See more from this Session: Symposium--Global Importance and Progress of Reducing Anthropogenic Emissions of Nitrous Oxide From Cropping Systems: I
Tuesday, October 18, 2011: 11:15 AM
Henry Gonzalez Convention Center, Room 211, Concourse Level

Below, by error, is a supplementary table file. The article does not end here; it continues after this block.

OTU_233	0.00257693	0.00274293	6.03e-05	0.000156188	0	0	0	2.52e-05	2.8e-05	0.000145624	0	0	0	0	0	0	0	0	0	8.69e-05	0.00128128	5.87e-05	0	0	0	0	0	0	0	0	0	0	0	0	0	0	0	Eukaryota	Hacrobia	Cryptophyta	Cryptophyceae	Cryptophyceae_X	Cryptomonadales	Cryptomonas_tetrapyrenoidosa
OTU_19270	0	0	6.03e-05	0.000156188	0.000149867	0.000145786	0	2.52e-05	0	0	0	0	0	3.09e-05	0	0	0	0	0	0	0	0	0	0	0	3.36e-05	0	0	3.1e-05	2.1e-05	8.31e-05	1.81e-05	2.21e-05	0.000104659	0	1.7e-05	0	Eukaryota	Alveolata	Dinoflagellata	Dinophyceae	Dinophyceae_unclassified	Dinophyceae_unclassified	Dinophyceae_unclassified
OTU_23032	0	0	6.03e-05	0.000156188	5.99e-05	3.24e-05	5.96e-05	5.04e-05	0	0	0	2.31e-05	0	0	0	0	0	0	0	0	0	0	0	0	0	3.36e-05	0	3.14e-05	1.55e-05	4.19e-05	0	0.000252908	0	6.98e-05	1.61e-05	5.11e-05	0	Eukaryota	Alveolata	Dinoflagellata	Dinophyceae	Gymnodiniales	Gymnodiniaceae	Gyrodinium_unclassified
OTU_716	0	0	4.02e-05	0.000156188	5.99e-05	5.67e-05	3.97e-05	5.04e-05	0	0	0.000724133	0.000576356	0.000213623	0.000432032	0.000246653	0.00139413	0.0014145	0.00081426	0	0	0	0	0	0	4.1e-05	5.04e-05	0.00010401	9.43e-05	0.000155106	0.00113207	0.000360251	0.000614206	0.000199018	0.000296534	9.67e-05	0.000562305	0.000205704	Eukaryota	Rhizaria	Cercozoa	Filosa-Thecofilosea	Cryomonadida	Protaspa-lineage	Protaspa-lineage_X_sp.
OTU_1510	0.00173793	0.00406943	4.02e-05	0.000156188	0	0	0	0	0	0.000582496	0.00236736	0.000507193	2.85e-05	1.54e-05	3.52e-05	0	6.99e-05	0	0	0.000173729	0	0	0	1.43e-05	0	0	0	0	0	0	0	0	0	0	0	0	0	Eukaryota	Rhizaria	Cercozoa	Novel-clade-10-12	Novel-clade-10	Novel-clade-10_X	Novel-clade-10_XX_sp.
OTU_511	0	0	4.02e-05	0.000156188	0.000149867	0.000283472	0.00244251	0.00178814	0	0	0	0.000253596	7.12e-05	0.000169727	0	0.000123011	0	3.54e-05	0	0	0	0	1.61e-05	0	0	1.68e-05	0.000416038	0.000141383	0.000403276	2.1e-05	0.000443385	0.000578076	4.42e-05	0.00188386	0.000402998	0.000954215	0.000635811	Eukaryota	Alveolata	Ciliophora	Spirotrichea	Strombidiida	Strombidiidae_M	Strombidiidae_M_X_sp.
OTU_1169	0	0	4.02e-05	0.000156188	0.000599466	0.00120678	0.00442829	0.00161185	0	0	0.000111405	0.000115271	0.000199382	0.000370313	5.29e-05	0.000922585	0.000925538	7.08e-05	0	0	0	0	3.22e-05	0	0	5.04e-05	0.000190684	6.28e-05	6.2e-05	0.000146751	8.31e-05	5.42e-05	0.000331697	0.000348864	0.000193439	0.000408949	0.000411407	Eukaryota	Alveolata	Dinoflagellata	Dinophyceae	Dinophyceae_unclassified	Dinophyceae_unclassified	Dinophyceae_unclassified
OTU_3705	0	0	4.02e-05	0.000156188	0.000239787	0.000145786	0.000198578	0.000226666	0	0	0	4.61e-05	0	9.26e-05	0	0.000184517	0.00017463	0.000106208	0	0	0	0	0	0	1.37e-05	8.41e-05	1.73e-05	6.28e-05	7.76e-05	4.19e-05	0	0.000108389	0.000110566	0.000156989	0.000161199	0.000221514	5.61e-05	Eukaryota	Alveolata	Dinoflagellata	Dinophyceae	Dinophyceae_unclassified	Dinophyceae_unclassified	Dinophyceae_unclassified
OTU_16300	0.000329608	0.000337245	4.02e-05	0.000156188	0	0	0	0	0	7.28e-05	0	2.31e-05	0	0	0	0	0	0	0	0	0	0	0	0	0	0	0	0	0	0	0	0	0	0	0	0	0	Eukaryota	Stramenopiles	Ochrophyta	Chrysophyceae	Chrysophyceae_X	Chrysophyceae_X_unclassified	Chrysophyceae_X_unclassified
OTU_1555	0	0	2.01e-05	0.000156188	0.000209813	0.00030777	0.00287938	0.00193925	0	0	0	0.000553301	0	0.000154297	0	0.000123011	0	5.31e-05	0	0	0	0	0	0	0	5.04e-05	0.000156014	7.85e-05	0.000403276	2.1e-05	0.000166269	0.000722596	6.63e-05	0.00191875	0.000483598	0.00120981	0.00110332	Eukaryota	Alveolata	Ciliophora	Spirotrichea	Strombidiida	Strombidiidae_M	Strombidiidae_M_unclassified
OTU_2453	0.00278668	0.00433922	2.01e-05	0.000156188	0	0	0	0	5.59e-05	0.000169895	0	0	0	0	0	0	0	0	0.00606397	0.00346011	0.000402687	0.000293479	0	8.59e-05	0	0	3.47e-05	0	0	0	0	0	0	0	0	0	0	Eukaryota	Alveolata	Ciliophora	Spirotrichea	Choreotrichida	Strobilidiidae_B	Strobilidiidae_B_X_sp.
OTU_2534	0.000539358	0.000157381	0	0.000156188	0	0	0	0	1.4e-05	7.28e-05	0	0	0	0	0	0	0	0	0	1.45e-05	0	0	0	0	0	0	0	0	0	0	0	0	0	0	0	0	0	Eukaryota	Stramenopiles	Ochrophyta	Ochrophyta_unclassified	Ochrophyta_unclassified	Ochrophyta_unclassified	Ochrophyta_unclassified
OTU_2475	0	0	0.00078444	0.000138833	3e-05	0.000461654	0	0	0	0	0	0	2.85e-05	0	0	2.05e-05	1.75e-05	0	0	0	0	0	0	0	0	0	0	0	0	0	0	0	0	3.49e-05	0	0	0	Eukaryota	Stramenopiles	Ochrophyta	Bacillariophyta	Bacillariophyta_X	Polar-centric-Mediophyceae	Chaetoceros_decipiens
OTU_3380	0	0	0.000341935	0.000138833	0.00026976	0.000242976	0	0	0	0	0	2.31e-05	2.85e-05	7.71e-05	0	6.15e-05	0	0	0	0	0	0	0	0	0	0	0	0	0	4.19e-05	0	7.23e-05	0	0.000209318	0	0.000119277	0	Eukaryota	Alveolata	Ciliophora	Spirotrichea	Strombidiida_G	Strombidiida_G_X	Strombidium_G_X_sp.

Emissions of nitrous oxide (N2O), a potent greenhouse gas. are known to multiply serveral several fold with N fertilizer additions to cropland. Rarely do N2O losses represent an agronomic or economic loss to a farmer. Most N2O emission data in the US is or corn or wheat. Little data is available for cotton. We conducted N rate cotton studies under a center pivot in Floydada, TX and with level basin irrigation in Maricopa, AZ. Nitrous oxide emissions were measured weekly between first square and peak bloom. Twenty-four-minute incubation periods with vented chambers were employed, followed by N2O analysis on a ECD-GC. . At both sites, N2O emissions declined as the season progressed, presumably as plant depleted available soil and fertilizer NO3-N. Fluxes were not detectable more than 4 days after irrigation events. Nitrous oxide emissions were low, with a maximum seasonal flux of 367 g N2O-N/ac lost for the 120 lb N/ac fertilizer rate in TX. This is only 0.5% of applied N, and is well below the IPCC default N2O emission factor of 1 %.